Live with mercy this Advent

Children in a refugee camp

Rachel McCarthy, who works in CAFOD’s Theology Programme, reflects how we can continue to bring the mercy of God to our global family throughout Advent.

Children in a refugee camp
Children from Syria seek shelter in a refugee camp

On Sunday 20 November, Pope Francis sealed the Holy Door on the Year of Mercy. This past year has been a wonderful opportunity for us to experience the richness of God’s mercy. And the Jubilee has moved us to bring the tenderness of God to all, especially the most vulnerable.

It is worth reflecting back on the Year of Mercy, to understand how we can continue to make mercy a meaningful part of our lives. For me, mercy is a fruit of prayer. Earlier this summer, I walked through the Holy Door of a cathedral in southern France. It was a beautiful shrine: on the entrance of the door I admired the painting of a tree, reminding me of how God holds all of creation in the palm of his hand. Kneeling before the statue of Our Lady, the Mother of Mercy, I felt God’s tender closeness, holding me tight.

The Year of Mercy has ended, but the Lord’s mercy is everlasting. From generation to generation, God shines out his faithful love to all creation. From the child in its mother’s womb to the woman who has reached the end of her life, God raises us up in infinite mercy. This is a gift given to all- no matter who we are, where we come from, or what we have done.

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Mercy opens my eyes. Christ opened the eyes of the disciples through acts of divine mercy: through his blessing of the adulterous woman, his tears for Lazarus, the washing of the disciples’ feet. Today, we see the need for mercy all around us. In our own neighbourhoods and across the world, many are cold, hungry, troubled, and longing for love. Rivers are polluted, forests are stripped bare, and beautiful creatures are being killed for profit.

May we be creators of hope

Walk of witness for refugees, Birmingham
Pilgrims walk in solidarity with refugees in Birmingham

Mercy gives me reason to hope. To look beyond the surface of things and to imagine our world as it is destined to be. To see that one day rivers will be overflowing with pure water, people will build their own houses to live in, and families will flourish. This hope compels me to act and bring God’s mercy to the earth, our common home.

Mercy connects us to God, to ourselves, to our families, and to people who have no place to call home. As Pope Francis says, mercy is “the fundamental law that dwells in the heart of every person who looks sincerely into the eyes of his brothers and sisters” (Misericordiae Vultus #2). Mercy reminds us that we belong to each other.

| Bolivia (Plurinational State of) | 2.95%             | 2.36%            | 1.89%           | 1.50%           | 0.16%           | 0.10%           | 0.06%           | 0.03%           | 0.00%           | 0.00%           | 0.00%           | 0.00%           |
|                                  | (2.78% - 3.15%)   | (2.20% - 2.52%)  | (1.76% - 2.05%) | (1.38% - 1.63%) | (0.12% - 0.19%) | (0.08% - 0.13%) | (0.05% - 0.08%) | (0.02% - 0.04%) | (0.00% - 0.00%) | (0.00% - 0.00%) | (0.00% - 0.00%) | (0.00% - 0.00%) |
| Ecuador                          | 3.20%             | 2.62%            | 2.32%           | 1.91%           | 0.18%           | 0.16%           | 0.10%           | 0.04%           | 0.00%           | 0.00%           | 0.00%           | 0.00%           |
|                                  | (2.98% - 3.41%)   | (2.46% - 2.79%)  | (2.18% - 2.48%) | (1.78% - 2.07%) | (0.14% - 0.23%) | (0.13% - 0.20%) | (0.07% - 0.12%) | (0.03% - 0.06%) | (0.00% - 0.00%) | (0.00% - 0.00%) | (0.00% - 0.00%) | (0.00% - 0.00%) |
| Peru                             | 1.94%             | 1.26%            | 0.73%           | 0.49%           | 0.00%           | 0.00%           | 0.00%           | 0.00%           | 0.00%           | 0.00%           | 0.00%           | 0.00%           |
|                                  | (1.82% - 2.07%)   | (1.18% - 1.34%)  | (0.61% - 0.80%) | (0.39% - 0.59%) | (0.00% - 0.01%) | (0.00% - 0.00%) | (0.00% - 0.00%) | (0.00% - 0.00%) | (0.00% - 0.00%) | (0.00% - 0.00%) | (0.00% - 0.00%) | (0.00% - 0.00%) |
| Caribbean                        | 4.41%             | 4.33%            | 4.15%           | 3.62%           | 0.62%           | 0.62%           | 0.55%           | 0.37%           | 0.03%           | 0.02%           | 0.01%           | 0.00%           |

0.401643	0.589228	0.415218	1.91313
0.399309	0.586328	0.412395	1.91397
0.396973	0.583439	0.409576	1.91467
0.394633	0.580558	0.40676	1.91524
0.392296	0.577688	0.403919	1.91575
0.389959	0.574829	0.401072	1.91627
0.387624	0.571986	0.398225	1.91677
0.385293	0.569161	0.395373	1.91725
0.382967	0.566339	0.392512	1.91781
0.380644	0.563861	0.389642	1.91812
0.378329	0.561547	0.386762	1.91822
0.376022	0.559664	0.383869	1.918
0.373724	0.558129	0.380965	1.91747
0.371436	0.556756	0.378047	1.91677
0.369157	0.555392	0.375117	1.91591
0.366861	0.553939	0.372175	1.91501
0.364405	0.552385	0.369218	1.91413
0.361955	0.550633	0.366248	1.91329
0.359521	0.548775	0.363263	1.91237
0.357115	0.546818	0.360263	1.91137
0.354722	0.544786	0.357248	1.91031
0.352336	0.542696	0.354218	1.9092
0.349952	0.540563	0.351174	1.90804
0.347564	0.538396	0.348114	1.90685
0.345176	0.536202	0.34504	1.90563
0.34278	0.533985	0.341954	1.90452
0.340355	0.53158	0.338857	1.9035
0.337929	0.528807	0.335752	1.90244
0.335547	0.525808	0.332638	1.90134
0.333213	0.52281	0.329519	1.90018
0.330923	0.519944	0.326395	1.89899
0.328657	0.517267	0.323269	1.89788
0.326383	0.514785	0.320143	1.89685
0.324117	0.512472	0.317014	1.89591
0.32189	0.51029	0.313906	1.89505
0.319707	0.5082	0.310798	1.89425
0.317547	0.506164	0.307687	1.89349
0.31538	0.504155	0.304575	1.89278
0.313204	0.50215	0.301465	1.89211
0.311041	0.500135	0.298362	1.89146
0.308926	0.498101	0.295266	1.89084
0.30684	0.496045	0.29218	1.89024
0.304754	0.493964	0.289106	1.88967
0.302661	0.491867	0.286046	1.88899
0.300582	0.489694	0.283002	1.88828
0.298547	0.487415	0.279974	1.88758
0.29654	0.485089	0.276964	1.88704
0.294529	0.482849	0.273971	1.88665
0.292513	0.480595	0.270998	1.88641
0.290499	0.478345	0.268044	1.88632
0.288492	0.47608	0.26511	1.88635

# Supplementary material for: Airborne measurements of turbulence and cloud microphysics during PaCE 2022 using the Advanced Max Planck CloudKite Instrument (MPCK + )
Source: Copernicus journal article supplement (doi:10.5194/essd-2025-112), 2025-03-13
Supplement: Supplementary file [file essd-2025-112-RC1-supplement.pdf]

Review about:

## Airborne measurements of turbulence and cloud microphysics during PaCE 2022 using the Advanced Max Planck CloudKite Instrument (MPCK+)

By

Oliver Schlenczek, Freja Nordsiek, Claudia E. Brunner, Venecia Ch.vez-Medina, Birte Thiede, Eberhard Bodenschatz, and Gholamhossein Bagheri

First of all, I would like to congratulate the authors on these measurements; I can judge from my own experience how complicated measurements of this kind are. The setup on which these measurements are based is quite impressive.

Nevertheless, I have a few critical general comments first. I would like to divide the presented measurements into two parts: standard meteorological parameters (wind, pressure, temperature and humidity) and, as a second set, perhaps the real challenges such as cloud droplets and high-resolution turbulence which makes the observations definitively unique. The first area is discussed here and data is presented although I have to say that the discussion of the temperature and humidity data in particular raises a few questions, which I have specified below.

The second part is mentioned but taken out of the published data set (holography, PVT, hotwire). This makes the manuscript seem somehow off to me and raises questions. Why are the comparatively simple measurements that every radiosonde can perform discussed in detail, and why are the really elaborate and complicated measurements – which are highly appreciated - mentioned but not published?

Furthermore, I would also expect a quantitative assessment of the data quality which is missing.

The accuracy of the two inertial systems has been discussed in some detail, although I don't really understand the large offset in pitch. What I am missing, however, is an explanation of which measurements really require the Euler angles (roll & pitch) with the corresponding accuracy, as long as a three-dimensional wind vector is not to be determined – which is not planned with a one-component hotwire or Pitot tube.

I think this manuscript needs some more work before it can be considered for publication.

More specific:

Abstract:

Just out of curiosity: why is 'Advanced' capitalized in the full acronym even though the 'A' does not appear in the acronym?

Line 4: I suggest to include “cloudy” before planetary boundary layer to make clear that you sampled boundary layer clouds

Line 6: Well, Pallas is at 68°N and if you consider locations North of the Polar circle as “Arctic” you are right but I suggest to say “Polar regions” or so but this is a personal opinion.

This is what mercy means to me. Throughout this year, I have been moved by the acts of mercy of ordinary Catholics across England and Wales. Parishioners have held special liturgies to give thanks for God’s creation. And many have made prayerful pilgrimages in solidarity with refugees fleeing poverty, war and persecution.

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May we be lovers of peace

As we enter the season of Advent, I hope we continue to be witnesses of God’s mercy, bringing light to those living in darkness.

We remember especially the people of Gaza in the Middle East. The small Palestinian territory has long been torn apart by conflict and violence. In 2014, 51 days of conflict killed more than 2,000 Palestinian people, including over 500 children, and destroyed 18,000 homes. Six civilians in Israel and 67 Israeli soldiers were killed. Israelis and Palestinians both need security and peace and to live free from threats if communities are to flourish.

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A Palestinian man in Gaza
A Palestinian man sits by the wreckage of his home in Gaza

Father Mario Da Silva is priest at Holy Family parish in Gaza. He believes his calling is to go to the outskirts and the most difficult places of society. He supports the people in the parish, many of whom have lost almost everything. He told us:

“The Palestinian people are so kind and so strong. I spoke with one man who had lost his house in last year’s war [sic]. I asked him, ‘What do you have now?’ He told me: ‘This,’ he pointed to his jumper, ‘and God.’

“I don’t think this strength and this belief comes from a particular religion, it comes from the people – their heart. We have so much suffering here.”

I am moved by the thought that this man – who has lost everything except the clothes he is wearing – feels that God is with him, amongst all the brokenness and emptiness. I am reminded of these words from Scripture, “He is close to all who call upon him, all who call on him from the heart” (Psalm 145:18).

Christmas is a special time for this parish in in Gaza City. It’s a time when the Muslim community especially seeks to greet their Christian neighbours and to stand alongside one another in solidarity.

Father Mario speaks fondly of the kindness he witnessed in his community at this time. “We received so many Christmas cards from England and Wales,” he says, “and it is for us a huge psychological help. I could see how much it meant to the people here in Palestine that there were people thinking of them.”

For the sake of our sisters and brothers around the world, I hope we continue to live mercifully. God never forgets us. In turn, I hope we never forget to bring this faithful love to those who need it most.

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